British Health Official: Leave Babies Born at 23 Weeks to Die
by Steven Ertelt | London, England | LifeNews.com | 3/7/11 12:22 PM
UPDATE: The London Daily Mail issued an email to LifeNews.com and other media outlets on May 27th saying its original story incorrectly attributed the remarks to Austin. “We are in the process of settling a complaint with the Press Complaints Commission on behalf of Dr Daphne Austin as we made an error in attributing some of the quotes to Dr Austin.”
The Daily Mail also printed a retraction on its web site: “Statements contained in an article published on 7 March, headed “Babies who are born at 23 weeks should be left to die, says NHS chief”, were wrongly attributed to Dr Daphne Austin, who is a medical consultant specialist employed by the NHS. They were made in a programme in which Dr Austin participated and were published by us in good faith. In particular, Dr Austin did not state that babies should be “left to die” and did not express the opinion that the financial aspects of neonatal care were the issue. We apologise to Dr Austin for the errors.”
An official of the British National Health Service, the governmental socialized medicine program, is drawing gasps from pro-life people worldwide over comments she made saying babies born at 23 weeks of pregnancy should be let to die.
Although unborn children born at that stage of pregnancy, or earlier, can survive, Dr. Daphne Austin said she believes too few babies survive if born prematurely at that point to justify the millions of dollars spent on their medical care.
Austin said, according to a London Daily Mail report, that helping babies survive at that point is only “prolonging their agony” and the money would be better spent to care for the disabled or others who have a better chance of surviving.
Austin, who advises local health care systems how to spend their budgets, claims doctors “doing more harm than good by resuscitating 23-weekers” with treatments that, in her estimation, have “very marginal benefit.” She opposes the £10 million NHS spends annually helping care for babies born very prematurely because statistics show only about 9 percent of the babies born at that time ever leave the hospital after the around the clock care they need.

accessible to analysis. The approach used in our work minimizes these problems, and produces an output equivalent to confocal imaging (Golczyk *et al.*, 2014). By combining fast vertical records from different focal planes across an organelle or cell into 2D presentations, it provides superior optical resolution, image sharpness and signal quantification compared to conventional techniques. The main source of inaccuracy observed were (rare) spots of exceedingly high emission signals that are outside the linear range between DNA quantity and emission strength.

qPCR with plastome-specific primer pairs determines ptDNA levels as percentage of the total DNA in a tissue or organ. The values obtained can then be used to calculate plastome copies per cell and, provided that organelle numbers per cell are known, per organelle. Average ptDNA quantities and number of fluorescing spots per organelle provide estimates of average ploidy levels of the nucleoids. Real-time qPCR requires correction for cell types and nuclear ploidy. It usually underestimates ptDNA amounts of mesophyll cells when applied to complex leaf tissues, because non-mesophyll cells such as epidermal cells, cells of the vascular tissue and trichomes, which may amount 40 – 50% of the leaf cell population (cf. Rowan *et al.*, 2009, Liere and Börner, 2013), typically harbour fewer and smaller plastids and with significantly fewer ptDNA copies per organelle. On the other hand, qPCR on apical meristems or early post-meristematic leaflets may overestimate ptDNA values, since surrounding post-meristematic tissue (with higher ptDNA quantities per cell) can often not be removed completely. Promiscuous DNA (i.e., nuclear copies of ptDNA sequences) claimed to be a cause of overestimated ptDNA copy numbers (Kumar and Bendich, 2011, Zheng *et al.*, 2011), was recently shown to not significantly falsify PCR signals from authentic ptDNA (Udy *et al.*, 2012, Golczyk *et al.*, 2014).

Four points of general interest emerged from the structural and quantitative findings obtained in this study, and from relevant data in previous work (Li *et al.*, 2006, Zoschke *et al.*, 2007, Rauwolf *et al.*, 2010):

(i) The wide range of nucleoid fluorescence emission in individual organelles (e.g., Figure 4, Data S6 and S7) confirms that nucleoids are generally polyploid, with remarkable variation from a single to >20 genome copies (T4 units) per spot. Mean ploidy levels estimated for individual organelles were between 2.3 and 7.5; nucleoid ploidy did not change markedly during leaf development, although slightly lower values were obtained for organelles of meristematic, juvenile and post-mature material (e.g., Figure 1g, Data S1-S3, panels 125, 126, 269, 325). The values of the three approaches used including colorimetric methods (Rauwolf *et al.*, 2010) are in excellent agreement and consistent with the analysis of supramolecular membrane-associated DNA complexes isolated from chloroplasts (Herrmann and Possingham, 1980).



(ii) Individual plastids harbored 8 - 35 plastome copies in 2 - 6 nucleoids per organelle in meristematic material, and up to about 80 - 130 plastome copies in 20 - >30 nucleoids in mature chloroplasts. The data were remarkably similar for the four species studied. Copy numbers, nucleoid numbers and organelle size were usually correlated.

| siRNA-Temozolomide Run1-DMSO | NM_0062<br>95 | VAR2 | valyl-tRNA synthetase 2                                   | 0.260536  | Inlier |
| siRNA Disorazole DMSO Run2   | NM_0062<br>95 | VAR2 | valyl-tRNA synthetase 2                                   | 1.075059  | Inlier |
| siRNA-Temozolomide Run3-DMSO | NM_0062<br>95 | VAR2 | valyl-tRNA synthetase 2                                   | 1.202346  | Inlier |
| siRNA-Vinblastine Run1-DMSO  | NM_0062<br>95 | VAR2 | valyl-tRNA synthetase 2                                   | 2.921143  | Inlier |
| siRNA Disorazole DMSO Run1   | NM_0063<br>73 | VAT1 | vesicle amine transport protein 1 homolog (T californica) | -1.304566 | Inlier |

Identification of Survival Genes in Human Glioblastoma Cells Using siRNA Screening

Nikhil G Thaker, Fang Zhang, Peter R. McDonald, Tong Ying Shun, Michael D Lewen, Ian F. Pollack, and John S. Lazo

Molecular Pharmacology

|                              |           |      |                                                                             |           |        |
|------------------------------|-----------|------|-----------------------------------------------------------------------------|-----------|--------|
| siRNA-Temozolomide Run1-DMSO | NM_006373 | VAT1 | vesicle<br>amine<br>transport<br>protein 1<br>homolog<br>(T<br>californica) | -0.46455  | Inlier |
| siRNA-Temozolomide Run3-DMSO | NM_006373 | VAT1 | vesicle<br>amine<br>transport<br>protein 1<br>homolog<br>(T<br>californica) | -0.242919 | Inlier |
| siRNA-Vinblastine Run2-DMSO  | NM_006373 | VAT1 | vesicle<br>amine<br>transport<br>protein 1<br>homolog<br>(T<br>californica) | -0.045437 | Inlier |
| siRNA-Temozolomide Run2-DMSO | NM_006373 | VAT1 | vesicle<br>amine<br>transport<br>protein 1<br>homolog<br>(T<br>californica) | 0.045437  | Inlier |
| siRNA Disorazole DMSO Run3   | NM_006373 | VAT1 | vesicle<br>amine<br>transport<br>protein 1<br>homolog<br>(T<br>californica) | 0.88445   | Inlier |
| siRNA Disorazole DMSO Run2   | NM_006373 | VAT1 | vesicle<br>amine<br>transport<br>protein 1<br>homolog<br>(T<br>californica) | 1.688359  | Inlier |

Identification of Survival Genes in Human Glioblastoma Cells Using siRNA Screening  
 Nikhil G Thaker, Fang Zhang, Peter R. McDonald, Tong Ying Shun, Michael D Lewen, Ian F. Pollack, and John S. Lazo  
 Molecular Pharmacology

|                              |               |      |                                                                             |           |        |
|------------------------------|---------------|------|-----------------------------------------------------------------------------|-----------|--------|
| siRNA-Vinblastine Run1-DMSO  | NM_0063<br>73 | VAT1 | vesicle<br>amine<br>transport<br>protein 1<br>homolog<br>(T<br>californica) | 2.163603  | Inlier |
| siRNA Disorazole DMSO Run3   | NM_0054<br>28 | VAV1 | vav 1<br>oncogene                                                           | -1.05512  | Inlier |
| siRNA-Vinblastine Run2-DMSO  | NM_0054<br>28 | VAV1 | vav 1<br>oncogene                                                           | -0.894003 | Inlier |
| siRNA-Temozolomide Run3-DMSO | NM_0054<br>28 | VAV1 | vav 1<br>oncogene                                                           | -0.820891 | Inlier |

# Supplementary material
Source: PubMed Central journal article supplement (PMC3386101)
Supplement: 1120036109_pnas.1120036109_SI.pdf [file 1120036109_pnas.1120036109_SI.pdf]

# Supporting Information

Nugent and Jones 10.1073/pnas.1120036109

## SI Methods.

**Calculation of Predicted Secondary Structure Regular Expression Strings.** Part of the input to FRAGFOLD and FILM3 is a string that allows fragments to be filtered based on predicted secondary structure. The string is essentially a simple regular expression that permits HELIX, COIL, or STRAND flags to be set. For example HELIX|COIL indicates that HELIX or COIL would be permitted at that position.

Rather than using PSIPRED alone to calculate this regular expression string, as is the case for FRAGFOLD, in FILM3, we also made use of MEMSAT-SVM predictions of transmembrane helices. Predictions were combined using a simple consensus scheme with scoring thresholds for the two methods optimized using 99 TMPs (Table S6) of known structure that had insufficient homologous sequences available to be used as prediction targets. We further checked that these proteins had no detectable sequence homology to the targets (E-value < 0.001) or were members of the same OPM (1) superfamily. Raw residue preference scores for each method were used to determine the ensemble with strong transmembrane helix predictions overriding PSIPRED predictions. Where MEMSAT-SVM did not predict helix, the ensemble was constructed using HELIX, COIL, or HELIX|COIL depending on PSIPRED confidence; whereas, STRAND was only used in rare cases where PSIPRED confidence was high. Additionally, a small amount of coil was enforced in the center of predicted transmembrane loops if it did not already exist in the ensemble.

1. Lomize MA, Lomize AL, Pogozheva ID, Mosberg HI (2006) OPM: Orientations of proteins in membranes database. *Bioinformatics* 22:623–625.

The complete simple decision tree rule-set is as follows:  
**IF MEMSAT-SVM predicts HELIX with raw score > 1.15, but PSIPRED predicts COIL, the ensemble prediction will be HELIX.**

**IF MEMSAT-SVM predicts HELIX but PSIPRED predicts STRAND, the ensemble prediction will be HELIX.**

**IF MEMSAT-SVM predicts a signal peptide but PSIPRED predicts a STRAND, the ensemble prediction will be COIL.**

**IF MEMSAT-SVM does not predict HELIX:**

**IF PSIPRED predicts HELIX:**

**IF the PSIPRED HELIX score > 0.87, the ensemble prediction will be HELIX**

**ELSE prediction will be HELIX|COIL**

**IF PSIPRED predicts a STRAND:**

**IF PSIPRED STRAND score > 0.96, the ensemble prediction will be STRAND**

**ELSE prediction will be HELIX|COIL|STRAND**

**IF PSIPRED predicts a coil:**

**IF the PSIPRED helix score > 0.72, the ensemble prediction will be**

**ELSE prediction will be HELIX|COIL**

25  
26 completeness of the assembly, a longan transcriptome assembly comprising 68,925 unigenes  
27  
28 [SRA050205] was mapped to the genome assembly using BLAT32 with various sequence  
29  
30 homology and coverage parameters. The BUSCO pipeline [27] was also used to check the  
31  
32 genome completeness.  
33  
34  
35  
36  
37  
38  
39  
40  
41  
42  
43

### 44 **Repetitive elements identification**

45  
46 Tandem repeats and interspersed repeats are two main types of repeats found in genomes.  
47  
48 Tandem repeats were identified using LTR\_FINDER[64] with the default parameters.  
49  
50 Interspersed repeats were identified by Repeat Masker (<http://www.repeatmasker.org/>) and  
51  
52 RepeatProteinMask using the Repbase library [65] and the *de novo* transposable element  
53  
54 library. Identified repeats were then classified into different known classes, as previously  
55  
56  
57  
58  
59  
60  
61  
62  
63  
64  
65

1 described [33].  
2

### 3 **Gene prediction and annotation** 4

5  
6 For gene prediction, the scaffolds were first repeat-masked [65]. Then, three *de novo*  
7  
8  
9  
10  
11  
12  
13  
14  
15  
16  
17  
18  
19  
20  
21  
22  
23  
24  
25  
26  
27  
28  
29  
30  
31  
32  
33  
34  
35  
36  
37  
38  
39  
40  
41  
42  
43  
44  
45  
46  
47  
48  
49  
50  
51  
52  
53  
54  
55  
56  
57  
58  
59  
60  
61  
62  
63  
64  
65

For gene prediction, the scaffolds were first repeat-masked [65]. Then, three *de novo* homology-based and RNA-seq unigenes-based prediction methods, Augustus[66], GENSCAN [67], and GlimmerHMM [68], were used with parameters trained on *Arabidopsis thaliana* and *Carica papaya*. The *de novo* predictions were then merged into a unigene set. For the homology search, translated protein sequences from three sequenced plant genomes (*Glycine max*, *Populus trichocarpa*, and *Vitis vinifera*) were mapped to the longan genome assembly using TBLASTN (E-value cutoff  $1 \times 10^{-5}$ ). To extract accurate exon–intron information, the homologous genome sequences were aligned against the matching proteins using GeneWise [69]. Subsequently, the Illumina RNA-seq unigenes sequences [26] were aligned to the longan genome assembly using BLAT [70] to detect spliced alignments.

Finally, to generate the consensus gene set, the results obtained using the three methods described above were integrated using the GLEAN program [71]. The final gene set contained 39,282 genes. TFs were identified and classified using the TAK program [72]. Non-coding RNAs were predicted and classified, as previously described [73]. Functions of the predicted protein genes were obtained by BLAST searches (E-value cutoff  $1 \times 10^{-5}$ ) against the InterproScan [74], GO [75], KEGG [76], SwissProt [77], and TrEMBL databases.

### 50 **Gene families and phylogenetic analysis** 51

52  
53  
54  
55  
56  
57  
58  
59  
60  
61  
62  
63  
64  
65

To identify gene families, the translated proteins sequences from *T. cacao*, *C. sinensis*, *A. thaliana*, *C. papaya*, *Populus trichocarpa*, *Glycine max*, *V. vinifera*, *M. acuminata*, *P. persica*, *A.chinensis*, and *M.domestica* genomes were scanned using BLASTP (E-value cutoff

She also complains that few of the babies who do survive are able to lead normal lives — as most of the infants born prematurely suffer from some sort of disability ranging from blindness to cerebral palsy.
“If it was my child, from all the evidence and information that I know, I would not resuscitate,” she said, according to the newspaper. “We are doing more harm than good by resuscitating 23-weekers. I can’t think of very many interventions that have such poor outcomes.”
“For me the big issue is that we’re spending an awful lot of money on treatments that have very marginal benefit,” she added. “I would prefer to free up that money to spend on providing support to people who have much more lifelong chronic conditions.”
She said the decisions about whether to fund care for premature infants should be similar to those that deny patients cancer drugs when someone determines their quality of life or potential medical benefit doesn’t justify them: “In the same way as we’ve made hard decisions about things like cancer drugs, saying the outcomes just aren’t good enough and therefore we won’t use them.”
The comments Austin made come in a BBC2 documentary, “23 Week Babies: The Price of Life” that will air Wednesday evening on the British television station.
Official guidelines for doctors in the UK suggest doctors should not take extra measures to save babies under 22 weeks of pregnancy, but help those born between 22 and 25 weeks and provide them with treatment in the intensive care unit and whatever other medical care the infant’s parents desire. The legal limit for abortions in the UK is 24 weeks, though abortions can be done after that point for limited reasons.